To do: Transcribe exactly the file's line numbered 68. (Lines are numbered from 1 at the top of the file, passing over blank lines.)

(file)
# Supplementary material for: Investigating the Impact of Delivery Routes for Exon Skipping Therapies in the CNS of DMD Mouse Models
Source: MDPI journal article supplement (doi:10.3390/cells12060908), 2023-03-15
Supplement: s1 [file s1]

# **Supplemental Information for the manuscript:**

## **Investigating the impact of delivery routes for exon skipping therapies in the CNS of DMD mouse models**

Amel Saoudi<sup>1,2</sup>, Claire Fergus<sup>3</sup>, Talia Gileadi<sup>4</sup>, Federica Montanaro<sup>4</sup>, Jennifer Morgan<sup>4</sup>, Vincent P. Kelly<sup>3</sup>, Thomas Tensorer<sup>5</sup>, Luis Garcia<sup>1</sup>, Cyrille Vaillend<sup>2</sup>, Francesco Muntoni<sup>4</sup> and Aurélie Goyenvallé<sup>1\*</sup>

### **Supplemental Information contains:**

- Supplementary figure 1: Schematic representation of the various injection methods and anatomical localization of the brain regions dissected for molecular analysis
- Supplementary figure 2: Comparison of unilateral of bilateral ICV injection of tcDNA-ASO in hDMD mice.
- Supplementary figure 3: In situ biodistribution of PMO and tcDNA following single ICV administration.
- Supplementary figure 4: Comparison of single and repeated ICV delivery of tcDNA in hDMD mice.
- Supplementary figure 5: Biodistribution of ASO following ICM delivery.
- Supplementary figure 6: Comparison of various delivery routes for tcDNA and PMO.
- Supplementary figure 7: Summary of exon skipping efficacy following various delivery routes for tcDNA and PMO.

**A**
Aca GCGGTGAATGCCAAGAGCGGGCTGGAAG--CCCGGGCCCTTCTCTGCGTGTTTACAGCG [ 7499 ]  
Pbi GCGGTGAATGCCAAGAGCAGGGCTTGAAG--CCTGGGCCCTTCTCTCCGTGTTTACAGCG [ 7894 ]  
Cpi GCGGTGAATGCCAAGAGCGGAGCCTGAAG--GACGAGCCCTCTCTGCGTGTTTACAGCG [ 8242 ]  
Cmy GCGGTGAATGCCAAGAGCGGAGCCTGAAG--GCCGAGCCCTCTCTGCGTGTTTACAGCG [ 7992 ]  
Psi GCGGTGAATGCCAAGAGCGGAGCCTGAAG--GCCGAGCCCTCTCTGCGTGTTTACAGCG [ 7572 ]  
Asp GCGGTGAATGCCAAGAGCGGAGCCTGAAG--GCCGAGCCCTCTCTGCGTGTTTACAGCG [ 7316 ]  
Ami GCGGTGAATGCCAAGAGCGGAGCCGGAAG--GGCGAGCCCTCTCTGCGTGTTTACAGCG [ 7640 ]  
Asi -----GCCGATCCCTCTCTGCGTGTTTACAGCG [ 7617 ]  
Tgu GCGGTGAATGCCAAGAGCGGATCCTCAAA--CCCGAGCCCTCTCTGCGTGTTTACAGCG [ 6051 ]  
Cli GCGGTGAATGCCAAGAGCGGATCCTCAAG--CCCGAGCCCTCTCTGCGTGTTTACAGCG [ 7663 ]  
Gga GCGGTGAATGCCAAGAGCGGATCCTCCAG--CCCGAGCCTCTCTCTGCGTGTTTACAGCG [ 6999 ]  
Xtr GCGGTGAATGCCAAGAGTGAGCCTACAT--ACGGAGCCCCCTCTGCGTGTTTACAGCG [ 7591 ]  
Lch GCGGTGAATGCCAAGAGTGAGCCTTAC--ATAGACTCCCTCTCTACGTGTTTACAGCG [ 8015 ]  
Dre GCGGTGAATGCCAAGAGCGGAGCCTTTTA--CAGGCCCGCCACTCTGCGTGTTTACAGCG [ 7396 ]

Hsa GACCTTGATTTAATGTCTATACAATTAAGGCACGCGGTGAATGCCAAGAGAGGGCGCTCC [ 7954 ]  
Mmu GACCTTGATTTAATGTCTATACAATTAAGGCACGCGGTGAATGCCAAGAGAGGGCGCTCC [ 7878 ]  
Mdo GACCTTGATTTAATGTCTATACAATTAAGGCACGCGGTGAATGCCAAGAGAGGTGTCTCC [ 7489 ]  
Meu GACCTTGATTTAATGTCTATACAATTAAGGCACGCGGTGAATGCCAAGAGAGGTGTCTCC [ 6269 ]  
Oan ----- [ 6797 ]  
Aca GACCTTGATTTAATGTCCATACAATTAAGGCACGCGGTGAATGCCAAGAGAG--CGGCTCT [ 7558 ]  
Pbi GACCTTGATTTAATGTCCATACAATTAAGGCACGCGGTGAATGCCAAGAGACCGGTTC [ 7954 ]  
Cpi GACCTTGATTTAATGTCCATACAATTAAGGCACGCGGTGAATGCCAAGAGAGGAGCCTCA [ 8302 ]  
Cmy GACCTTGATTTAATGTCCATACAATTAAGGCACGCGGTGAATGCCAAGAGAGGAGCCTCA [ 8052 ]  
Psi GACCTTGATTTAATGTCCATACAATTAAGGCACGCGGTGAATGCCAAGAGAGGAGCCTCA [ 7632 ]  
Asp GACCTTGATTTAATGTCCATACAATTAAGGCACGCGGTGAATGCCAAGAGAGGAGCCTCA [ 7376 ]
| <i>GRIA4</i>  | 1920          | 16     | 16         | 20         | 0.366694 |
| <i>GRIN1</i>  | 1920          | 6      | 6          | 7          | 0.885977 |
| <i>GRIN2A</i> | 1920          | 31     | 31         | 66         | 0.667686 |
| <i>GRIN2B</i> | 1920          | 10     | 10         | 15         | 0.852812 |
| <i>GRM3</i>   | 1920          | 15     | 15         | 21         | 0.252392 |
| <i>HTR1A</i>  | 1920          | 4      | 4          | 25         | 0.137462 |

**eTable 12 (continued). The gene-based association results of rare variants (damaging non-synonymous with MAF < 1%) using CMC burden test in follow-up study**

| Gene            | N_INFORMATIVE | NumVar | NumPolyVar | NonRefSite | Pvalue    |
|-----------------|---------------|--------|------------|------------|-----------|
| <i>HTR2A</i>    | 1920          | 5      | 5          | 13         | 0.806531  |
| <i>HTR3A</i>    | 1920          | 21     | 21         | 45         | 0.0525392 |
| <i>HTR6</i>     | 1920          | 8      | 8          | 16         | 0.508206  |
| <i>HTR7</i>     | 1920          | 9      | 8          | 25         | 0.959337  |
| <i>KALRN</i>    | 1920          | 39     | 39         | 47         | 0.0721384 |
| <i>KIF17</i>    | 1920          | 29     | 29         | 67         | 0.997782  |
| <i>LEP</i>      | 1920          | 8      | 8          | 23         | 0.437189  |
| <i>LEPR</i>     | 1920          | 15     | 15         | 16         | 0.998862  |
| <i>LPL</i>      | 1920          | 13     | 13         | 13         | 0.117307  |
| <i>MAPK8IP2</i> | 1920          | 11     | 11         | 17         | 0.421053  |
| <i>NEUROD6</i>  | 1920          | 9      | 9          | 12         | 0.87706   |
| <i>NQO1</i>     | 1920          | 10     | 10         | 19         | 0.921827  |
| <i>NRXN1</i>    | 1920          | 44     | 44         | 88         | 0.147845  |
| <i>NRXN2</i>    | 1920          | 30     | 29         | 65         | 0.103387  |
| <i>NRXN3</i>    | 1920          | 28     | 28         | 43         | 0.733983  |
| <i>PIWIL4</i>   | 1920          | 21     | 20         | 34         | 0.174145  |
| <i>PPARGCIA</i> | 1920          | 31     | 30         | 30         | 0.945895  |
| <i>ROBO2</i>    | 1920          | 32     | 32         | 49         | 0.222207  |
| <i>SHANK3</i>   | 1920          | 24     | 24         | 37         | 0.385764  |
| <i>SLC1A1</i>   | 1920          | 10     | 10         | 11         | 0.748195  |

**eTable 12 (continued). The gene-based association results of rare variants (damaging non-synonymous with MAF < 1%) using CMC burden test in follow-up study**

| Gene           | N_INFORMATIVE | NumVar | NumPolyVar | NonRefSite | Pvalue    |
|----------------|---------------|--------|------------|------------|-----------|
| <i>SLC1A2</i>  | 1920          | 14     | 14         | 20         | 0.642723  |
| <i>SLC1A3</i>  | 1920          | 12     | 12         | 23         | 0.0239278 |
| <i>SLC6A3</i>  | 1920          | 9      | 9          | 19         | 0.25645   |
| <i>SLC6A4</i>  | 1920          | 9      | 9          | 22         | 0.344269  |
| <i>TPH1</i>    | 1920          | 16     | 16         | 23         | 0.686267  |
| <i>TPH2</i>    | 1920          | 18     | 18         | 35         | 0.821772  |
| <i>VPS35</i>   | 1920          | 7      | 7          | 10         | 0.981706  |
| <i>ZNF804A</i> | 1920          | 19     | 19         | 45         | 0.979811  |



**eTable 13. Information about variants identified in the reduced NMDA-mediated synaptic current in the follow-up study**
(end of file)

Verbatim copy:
| <i>SHANK3</i>   | 1920          | 24     | 24         | 37         | 0.385764  |